Death Penalty and Integrity
Dzhokhar Tsarnaev was sentenced to death on May 15 for his part in the Boston Marathon bombing two years ago. The sentence was imposed under federal guidelines, as Massachusetts forbids this punishment.
Right now in the United States, it’s 32/18, with 32 states, including Maryland, no longer allowing the death penalty.
The rest of the states and the federal government find themselves very lonely among industrialized, democratic nations, as the U.S. and Japan are the only two such countries who allow it. Those “aligned” with us in allowing it include most Middle Eastern countries and North Korea, not the best company, in my view.
The most reasonable justification I hear for the death penalty is the horrendous nature of the crime. Dzhokhar Tsarnaev’s crime certainly fits into that category.
What he did, however, should not influence the decision of a civilized society regarding his punishment. Should a government kill someone for killing someone? The answer is no. The terrible nature of the crime should not impact the behavior of the government.
Civilized people should not kill others unless they absolutely must, as in war, self-defense, or when someone serving a life sentence remains a danger to society.
There are many reasons to discontinue the death penalty. It costs more to execute someone, with all the appeals, than it does to keep them in prison for life. Again because of appeals, families of victims are forced to suffer through trials and media attention, often for decades, before the execution.
A significant number of death row residents have been found, through DNA evidence, to be innocent. It’s not possible for ordinary humans to bring someone back from the dead. We can, however, release someone from prison.
These reasons pale in comparison to valuing human life, whether it be a murderer, or a kidnapped child.
Our values, and our ability to uphold them, are often challenged in life. How much do you feel the value of the life of someone who kills your child, or tortures your dog to death is worth? Of course, your first thought would be to kill them; or, at least, cause them pain equal to what they caused you.
Letting them affect your behavior, though, allows them to triumph. Maintaining your values and your position in the world is rightly called having integrity. If we lived in a society where everyone had integrity, the world would be a different place.
Professionals in our society, such as police, emergency nurses and physicians, as well as rescue personnel, often face this challenge. Just try maintaining your professionalism while an AIDS patient purposely spits in your face. Having been there, I so appreciate those who protect our society because many of them face this, or some variation of it – and daily. You would not believe the restraint I have witnessed among police, for example.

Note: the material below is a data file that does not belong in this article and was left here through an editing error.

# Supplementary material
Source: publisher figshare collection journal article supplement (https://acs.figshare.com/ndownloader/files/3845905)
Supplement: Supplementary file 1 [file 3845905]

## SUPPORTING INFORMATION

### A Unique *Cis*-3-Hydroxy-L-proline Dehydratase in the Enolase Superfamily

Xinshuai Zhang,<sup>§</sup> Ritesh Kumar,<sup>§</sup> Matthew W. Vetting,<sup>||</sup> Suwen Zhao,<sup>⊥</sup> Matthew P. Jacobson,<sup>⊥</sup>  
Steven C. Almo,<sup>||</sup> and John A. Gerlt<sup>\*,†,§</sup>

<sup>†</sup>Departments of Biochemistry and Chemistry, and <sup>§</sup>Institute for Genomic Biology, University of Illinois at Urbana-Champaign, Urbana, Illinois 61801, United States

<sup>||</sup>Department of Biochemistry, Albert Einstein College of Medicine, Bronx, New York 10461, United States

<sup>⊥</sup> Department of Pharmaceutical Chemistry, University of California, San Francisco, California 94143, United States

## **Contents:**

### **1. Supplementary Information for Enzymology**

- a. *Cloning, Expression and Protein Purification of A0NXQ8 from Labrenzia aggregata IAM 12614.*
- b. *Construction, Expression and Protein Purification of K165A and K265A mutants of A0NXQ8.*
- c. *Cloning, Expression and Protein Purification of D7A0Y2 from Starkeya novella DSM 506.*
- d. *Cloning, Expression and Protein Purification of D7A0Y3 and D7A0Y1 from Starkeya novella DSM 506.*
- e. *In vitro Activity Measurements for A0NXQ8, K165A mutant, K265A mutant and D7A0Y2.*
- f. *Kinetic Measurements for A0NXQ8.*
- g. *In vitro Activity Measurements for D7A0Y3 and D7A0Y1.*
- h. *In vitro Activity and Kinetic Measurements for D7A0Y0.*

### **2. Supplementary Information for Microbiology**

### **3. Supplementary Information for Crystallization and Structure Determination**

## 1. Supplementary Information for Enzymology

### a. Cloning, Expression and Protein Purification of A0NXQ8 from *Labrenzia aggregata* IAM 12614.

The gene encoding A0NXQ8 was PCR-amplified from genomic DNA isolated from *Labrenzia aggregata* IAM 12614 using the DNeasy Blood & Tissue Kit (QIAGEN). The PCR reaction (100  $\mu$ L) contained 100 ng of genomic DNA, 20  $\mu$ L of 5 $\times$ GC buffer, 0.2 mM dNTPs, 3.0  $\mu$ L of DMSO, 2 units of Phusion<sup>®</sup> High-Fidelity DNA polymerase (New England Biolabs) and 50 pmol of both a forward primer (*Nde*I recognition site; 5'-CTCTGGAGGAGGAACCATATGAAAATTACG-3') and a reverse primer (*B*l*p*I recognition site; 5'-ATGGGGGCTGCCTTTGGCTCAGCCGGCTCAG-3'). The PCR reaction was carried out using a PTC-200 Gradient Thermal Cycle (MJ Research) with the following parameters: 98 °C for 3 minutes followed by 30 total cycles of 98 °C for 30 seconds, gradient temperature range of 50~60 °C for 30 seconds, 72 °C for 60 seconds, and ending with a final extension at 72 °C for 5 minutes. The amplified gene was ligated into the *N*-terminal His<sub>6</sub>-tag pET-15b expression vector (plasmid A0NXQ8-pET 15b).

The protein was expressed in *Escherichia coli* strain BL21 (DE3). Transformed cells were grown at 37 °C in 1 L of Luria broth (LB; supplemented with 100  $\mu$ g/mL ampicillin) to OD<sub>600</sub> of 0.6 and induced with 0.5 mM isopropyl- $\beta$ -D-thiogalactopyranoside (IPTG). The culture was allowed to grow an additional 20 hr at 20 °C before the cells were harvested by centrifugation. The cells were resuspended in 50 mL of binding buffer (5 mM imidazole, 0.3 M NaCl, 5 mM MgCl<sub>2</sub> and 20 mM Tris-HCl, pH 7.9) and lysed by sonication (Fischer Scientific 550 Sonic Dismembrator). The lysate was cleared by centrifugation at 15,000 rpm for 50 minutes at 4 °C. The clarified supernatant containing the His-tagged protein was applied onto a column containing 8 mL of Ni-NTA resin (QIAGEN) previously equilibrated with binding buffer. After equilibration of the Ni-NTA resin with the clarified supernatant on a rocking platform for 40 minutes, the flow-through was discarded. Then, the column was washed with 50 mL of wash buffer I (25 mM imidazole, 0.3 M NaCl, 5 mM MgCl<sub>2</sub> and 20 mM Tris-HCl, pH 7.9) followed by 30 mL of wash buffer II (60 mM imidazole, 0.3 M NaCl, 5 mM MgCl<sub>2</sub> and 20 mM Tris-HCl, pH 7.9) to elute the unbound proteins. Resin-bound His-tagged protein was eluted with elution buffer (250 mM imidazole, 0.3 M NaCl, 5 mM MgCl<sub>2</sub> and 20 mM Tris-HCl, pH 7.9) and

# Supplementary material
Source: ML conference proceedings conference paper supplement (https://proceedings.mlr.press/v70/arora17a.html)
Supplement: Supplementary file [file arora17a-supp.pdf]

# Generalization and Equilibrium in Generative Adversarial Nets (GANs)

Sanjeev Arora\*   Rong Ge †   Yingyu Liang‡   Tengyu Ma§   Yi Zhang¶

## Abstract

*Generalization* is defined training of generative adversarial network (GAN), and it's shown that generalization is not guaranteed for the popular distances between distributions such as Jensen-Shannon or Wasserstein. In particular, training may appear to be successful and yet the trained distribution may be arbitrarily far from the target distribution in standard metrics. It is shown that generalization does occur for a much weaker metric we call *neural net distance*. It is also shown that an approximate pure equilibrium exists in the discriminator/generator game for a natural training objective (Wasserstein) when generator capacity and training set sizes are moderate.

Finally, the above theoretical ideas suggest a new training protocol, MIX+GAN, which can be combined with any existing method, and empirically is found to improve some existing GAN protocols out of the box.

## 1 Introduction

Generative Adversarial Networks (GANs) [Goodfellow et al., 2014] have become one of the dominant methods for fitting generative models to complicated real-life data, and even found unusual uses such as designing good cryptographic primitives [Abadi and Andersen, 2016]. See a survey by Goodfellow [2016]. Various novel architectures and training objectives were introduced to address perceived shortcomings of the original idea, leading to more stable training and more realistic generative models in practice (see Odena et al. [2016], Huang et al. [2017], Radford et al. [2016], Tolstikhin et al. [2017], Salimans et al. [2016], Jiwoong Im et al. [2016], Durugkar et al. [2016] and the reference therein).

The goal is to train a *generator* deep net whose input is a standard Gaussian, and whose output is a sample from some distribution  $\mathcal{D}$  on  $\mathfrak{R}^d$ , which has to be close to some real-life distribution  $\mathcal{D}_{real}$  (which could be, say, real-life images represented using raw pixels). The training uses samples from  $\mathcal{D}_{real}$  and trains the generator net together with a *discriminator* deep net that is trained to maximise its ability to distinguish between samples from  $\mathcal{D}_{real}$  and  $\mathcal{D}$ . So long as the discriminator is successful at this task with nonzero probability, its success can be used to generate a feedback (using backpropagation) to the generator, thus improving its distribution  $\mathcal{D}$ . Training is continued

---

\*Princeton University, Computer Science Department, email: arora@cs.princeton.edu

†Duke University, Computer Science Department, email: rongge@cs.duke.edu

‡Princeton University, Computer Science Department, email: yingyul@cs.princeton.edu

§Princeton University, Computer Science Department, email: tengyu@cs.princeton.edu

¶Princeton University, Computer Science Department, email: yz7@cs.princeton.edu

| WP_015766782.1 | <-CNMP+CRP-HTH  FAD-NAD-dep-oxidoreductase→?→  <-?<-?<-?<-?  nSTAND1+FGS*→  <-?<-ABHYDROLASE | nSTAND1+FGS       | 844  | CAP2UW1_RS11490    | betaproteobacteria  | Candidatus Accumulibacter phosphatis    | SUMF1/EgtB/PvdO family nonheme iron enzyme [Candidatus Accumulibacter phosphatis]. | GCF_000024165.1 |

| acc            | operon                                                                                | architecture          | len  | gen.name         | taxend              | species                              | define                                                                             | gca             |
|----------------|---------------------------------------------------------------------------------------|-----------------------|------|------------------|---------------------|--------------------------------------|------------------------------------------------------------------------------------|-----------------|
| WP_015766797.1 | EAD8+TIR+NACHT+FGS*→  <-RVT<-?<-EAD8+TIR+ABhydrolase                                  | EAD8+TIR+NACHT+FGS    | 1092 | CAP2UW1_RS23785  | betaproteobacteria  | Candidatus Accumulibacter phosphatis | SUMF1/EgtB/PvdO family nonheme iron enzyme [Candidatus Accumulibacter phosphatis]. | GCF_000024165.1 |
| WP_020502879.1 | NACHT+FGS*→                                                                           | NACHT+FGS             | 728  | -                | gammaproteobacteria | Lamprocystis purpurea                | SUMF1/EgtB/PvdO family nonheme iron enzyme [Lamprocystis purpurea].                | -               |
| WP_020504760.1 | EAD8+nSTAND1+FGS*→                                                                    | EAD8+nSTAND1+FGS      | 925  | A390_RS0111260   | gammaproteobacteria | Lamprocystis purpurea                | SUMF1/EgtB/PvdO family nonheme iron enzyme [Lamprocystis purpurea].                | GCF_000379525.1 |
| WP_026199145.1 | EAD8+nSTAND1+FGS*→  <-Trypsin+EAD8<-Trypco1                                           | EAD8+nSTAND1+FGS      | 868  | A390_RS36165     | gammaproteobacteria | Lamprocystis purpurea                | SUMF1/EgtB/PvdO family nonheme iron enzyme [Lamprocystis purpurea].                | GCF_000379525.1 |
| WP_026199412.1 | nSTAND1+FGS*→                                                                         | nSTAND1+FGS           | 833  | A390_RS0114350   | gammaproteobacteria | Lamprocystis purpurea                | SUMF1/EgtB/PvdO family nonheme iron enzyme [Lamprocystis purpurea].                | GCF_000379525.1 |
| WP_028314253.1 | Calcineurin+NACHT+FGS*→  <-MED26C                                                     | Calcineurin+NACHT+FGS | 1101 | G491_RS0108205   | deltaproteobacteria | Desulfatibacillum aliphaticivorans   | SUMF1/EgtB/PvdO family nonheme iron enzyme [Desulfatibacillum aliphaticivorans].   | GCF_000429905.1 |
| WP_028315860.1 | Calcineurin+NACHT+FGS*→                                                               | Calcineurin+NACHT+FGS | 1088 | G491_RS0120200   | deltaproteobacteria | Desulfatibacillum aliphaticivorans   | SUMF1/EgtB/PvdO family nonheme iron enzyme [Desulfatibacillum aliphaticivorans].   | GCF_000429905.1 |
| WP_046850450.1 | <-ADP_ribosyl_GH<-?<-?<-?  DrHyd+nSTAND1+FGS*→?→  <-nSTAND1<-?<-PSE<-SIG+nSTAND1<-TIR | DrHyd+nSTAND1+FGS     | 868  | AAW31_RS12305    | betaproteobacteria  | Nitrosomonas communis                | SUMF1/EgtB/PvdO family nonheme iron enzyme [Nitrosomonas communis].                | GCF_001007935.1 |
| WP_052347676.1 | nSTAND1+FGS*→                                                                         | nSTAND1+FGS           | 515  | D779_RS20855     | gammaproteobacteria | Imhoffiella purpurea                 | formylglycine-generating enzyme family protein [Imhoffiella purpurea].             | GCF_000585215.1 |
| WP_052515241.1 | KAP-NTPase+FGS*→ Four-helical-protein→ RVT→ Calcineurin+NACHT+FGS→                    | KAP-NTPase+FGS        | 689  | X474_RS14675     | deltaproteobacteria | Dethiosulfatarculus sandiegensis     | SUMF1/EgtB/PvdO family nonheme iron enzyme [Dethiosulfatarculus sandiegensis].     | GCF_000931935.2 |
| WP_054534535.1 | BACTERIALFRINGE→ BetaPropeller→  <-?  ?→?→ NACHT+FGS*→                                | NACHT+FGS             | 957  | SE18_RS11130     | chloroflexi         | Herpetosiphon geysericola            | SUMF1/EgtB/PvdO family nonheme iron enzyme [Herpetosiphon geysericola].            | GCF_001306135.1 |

As for Tsarnaev, if we don’t kill him, he will disappear into a very high security prison, allowing his victims to move on, and for his notoriety to fade into the obscurity he deserves.
The other, most interesting impact, would be in the world. It would define us, the United States of America, as people who do not kill unless we must. ISIL, and other terrorist groups, would have to see the difference. They, and other more primitive societies than ours, might call us weak, but would have to question the value we express by repudiating death unless absolutely necessary.
This must also bring to mind the question of whether abortion should be allowed in our society, but that’s too long and complicated for this column. Suffice it to say that we are in a very weird conundrum when we can choose, with a 20 week old fetus, to abort it, or to spend hundreds of thousands of dollars keeping it alive and growing, if it’s accidentally born prematurely. And what about the case of a pregnant mother carrying a viable fetus who is shot, and her baby killed? In some states, it’s not two murders because abortion is legal.
Thank goodness, the death penalty question is simpler. Let God decide whether “An eye for an eye, a tooth for a tooth” is appropriate. Let us stand against officially sanctioning killing people for killing people. Let’s send that message to the world – that we are civilized, and that we have integrity as a society.